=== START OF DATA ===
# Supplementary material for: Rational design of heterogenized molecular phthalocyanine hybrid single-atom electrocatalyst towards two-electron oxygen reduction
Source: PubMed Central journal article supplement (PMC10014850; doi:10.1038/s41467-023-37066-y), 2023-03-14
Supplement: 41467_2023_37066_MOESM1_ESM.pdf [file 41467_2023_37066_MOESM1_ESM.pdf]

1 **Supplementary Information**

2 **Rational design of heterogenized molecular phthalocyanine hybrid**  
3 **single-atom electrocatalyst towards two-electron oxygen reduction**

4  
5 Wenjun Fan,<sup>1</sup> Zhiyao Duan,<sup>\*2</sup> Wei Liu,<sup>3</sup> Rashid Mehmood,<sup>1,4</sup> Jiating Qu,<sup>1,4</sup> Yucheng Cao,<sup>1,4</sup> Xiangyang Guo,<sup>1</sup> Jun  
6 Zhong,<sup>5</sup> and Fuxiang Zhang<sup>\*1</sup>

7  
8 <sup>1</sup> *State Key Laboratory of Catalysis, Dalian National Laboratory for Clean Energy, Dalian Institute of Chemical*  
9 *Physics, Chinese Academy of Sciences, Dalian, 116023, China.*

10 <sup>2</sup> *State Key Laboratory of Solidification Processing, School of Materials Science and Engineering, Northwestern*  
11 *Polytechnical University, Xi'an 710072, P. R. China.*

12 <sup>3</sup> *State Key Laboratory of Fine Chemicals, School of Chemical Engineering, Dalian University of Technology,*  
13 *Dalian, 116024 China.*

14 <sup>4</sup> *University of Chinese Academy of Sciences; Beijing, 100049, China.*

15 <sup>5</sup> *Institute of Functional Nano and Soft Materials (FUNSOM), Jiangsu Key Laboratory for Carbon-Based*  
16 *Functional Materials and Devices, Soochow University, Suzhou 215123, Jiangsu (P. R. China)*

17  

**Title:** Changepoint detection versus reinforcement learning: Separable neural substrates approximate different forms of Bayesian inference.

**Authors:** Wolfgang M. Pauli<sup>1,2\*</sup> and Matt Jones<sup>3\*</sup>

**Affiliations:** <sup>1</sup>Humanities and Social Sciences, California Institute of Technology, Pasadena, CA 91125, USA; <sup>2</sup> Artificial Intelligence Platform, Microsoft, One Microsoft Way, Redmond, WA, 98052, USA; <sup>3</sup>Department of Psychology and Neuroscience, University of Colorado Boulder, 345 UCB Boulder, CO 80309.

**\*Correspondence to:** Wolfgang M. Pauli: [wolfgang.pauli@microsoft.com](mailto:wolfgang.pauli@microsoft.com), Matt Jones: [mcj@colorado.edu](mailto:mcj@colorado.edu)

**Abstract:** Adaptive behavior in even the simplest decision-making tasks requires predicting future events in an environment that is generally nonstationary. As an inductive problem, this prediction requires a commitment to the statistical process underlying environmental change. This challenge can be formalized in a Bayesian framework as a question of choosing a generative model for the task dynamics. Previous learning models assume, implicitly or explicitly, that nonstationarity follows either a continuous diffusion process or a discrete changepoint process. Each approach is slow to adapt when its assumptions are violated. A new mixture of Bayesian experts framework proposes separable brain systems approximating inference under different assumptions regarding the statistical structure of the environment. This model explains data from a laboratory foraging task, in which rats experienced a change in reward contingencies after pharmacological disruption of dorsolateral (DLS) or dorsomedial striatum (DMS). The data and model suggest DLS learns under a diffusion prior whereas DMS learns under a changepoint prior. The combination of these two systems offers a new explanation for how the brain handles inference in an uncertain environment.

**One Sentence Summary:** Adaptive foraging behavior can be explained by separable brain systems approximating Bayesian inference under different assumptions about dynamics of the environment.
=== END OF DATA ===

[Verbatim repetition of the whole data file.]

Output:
# Supplementary material for: Rational design of heterogenized molecular phthalocyanine hybrid single-atom electrocatalyst towards two-electron oxygen reduction
Source: PubMed Central journal article supplement (PMC10014850; doi:10.1038/s41467-023-37066-y), 2023-03-14
Supplement: 41467_2023_37066_MOESM1_ESM.pdf [file 41467_2023_37066_MOESM1_ESM.pdf]

1 **Supplementary Information**

2 **Rational design of heterogenized molecular phthalocyanine hybrid**  
3 **single-atom electrocatalyst towards two-electron oxygen reduction**

4  
5 Wenjun Fan,<sup>1</sup> Zhiyao Duan,<sup>\*2</sup> Wei Liu,<sup>3</sup> Rashid Mehmood,<sup>1,4</sup> Jiating Qu,<sup>1,4</sup> Yucheng Cao,<sup>1,4</sup> Xiangyang Guo,<sup>1</sup> Jun  
6 Zhong,<sup>5</sup> and Fuxiang Zhang<sup>\*1</sup>

7  
8 <sup>1</sup> *State Key Laboratory of Catalysis, Dalian National Laboratory for Clean Energy, Dalian Institute of Chemical*  
9 *Physics, Chinese Academy of Sciences, Dalian, 116023, China.*

10 <sup>2</sup> *State Key Laboratory of Solidification Processing, School of Materials Science and Engineering, Northwestern*  
11 *Polytechnical University, Xi'an 710072, P. R. China.*

12 <sup>3</sup> *State Key Laboratory of Fine Chemicals, School of Chemical Engineering, Dalian University of Technology,*  
13 *Dalian, 116024 China.*

14 <sup>4</sup> *University of Chinese Academy of Sciences; Beijing, 100049, China.*

15 <sup>5</sup> *Institute of Functional Nano and Soft Materials (FUNSOM), Jiangsu Key Laboratory for Carbon-Based*  
16 *Functional Materials and Devices, Soochow University, Suzhou 215123, Jiangsu (P. R. China)*

17  

**Title:** Changepoint detection versus reinforcement learning: Separable neural substrates approximate different forms of Bayesian inference.

**Authors:** Wolfgang M. Pauli<sup>1,2\*</sup> and Matt Jones<sup>3\*</sup>

**Affiliations:** <sup>1</sup>Humanities and Social Sciences, California Institute of Technology, Pasadena, CA 91125, USA; <sup>2</sup> Artificial Intelligence Platform, Microsoft, One Microsoft Way, Redmond, WA, 98052, USA; <sup>3</sup>Department of Psychology and Neuroscience, University of Colorado Boulder, 345 UCB Boulder, CO 80309.

**\*Correspondence to:** Wolfgang M. Pauli: [wolfgang.pauli@microsoft.com](mailto:wolfgang.pauli@microsoft.com), Matt Jones: [mcj@colorado.edu](mailto:mcj@colorado.edu)

**Abstract:** Adaptive behavior in even the simplest decision-making tasks requires predicting future events in an environment that is generally nonstationary. As an inductive problem, this prediction requires a commitment to the statistical process underlying environmental change. This challenge can be formalized in a Bayesian framework as a question of choosing a generative model for the task dynamics. Previous learning models assume, implicitly or explicitly, that nonstationarity follows either a continuous diffusion process or a discrete changepoint process. Each approach is slow to adapt when its assumptions are violated. A new mixture of Bayesian experts framework proposes separable brain systems approximating inference under different assumptions regarding the statistical structure of the environment. This model explains data from a laboratory foraging task, in which rats experienced a change in reward contingencies after pharmacological disruption of dorsolateral (DLS) or dorsomedial striatum (DMS). The data and model suggest DLS learns under a diffusion prior whereas DMS learns under a changepoint prior. The combination of these two systems offers a new explanation for how the brain handles inference in an uncertain environment.

**One Sentence Summary:** Adaptive foraging behavior can be explained by separable brain systems approximating Bayesian inference under different assumptions about dynamics of the environment.